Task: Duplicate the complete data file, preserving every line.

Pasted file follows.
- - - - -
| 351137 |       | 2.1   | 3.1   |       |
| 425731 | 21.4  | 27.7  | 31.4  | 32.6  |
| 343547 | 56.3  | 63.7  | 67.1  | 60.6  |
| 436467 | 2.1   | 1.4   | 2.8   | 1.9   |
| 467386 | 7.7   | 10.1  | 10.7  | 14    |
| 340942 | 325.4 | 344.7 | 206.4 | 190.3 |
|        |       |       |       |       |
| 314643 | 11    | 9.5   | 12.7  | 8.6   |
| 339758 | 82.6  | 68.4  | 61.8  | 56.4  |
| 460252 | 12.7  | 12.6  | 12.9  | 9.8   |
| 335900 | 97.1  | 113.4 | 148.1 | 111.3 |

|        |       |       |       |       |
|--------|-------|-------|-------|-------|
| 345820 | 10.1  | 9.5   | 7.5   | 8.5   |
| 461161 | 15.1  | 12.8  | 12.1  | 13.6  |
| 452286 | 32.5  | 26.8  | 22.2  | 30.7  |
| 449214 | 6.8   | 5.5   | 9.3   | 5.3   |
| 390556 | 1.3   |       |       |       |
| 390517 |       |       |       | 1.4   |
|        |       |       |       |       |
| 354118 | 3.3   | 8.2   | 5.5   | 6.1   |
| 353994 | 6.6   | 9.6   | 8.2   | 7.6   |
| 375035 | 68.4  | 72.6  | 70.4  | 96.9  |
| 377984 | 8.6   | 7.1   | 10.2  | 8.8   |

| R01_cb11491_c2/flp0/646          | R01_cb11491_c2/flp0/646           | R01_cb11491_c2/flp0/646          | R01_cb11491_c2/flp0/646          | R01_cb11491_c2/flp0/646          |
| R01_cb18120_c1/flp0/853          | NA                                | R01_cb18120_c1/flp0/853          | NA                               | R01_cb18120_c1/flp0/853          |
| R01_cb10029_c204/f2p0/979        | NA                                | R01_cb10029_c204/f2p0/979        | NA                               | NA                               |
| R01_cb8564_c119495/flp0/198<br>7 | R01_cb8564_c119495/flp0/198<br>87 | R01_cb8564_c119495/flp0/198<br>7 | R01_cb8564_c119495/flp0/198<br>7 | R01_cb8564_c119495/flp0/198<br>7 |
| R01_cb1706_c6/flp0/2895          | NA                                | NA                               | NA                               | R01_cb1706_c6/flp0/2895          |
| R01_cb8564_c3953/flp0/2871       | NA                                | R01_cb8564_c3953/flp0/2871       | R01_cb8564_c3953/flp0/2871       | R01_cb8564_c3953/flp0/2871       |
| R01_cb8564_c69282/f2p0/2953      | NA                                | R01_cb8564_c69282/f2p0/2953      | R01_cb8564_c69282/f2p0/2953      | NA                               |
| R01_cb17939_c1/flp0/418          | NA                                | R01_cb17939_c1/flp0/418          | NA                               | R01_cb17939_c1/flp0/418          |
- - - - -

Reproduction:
| 351137 |       | 2.1   | 3.1   |       |
| 425731 | 21.4  | 27.7  | 31.4  | 32.6  |
| 343547 | 56.3  | 63.7  | 67.1  | 60.6  |
| 436467 | 2.1   | 1.4   | 2.8   | 1.9   |
| 467386 | 7.7   | 10.1  | 10.7  | 14    |
| 340942 | 325.4 | 344.7 | 206.4 | 190.3 |
|        |       |       |       |       |
| 314643 | 11    | 9.5   | 12.7  | 8.6   |
| 339758 | 82.6  | 68.4  | 61.8  | 56.4  |
| 460252 | 12.7  | 12.6  | 12.9  | 9.8   |
| 335900 | 97.1  | 113.4 | 148.1 | 111.3 |

|        |       |       |       |       |
|--------|-------|-------|-------|-------|
| 345820 | 10.1  | 9.5   | 7.5   | 8.5   |
| 461161 | 15.1  | 12.8  | 12.1  | 13.6  |
| 452286 | 32.5  | 26.8  | 22.2  | 30.7  |
| 449214 | 6.8   | 5.5   | 9.3   | 5.3   |
| 390556 | 1.3   |       |       |       |
| 390517 |       |       |       | 1.4   |
|        |       |       |       |       |
| 354118 | 3.3   | 8.2   | 5.5   | 6.1   |
| 353994 | 6.6   | 9.6   | 8.2   | 7.6   |
| 375035 | 68.4  | 72.6  | 70.4  | 96.9  |
| 377984 | 8.6   | 7.1   | 10.2  | 8.8   |

| R01_cb11491_c2/flp0/646          | R01_cb11491_c2/flp0/646           | R01_cb11491_c2/flp0/646          | R01_cb11491_c2/flp0/646          | R01_cb11491_c2/flp0/646          |
| R01_cb18120_c1/flp0/853          | NA                                | R01_cb18120_c1/flp0/853          | NA                               | R01_cb18120_c1/flp0/853          |
| R01_cb10029_c204/f2p0/979        | NA                                | R01_cb10029_c204/f2p0/979        | NA                               | NA                               |
| R01_cb8564_c119495/flp0/198<br>7 | R01_cb8564_c119495/flp0/198<br>87 | R01_cb8564_c119495/flp0/198<br>7 | R01_cb8564_c119495/flp0/198<br>7 | R01_cb8564_c119495/flp0/198<br>7 |
| R01_cb1706_c6/flp0/2895          | NA                                | NA                               | NA                               | R01_cb1706_c6/flp0/2895          |
| R01_cb8564_c3953/flp0/2871       | NA                                | R01_cb8564_c3953/flp0/2871       | R01_cb8564_c3953/flp0/2871       | R01_cb8564_c3953/flp0/2871       |
| R01_cb8564_c69282/f2p0/2953      | NA                                | R01_cb8564_c69282/f2p0/2953      | R01_cb8564_c69282/f2p0/2953      | NA                               |
| R01_cb17939_c1/flp0/418          | NA                                | R01_cb17939_c1/flp0/418          | NA                               | R01_cb17939_c1/flp0/418          |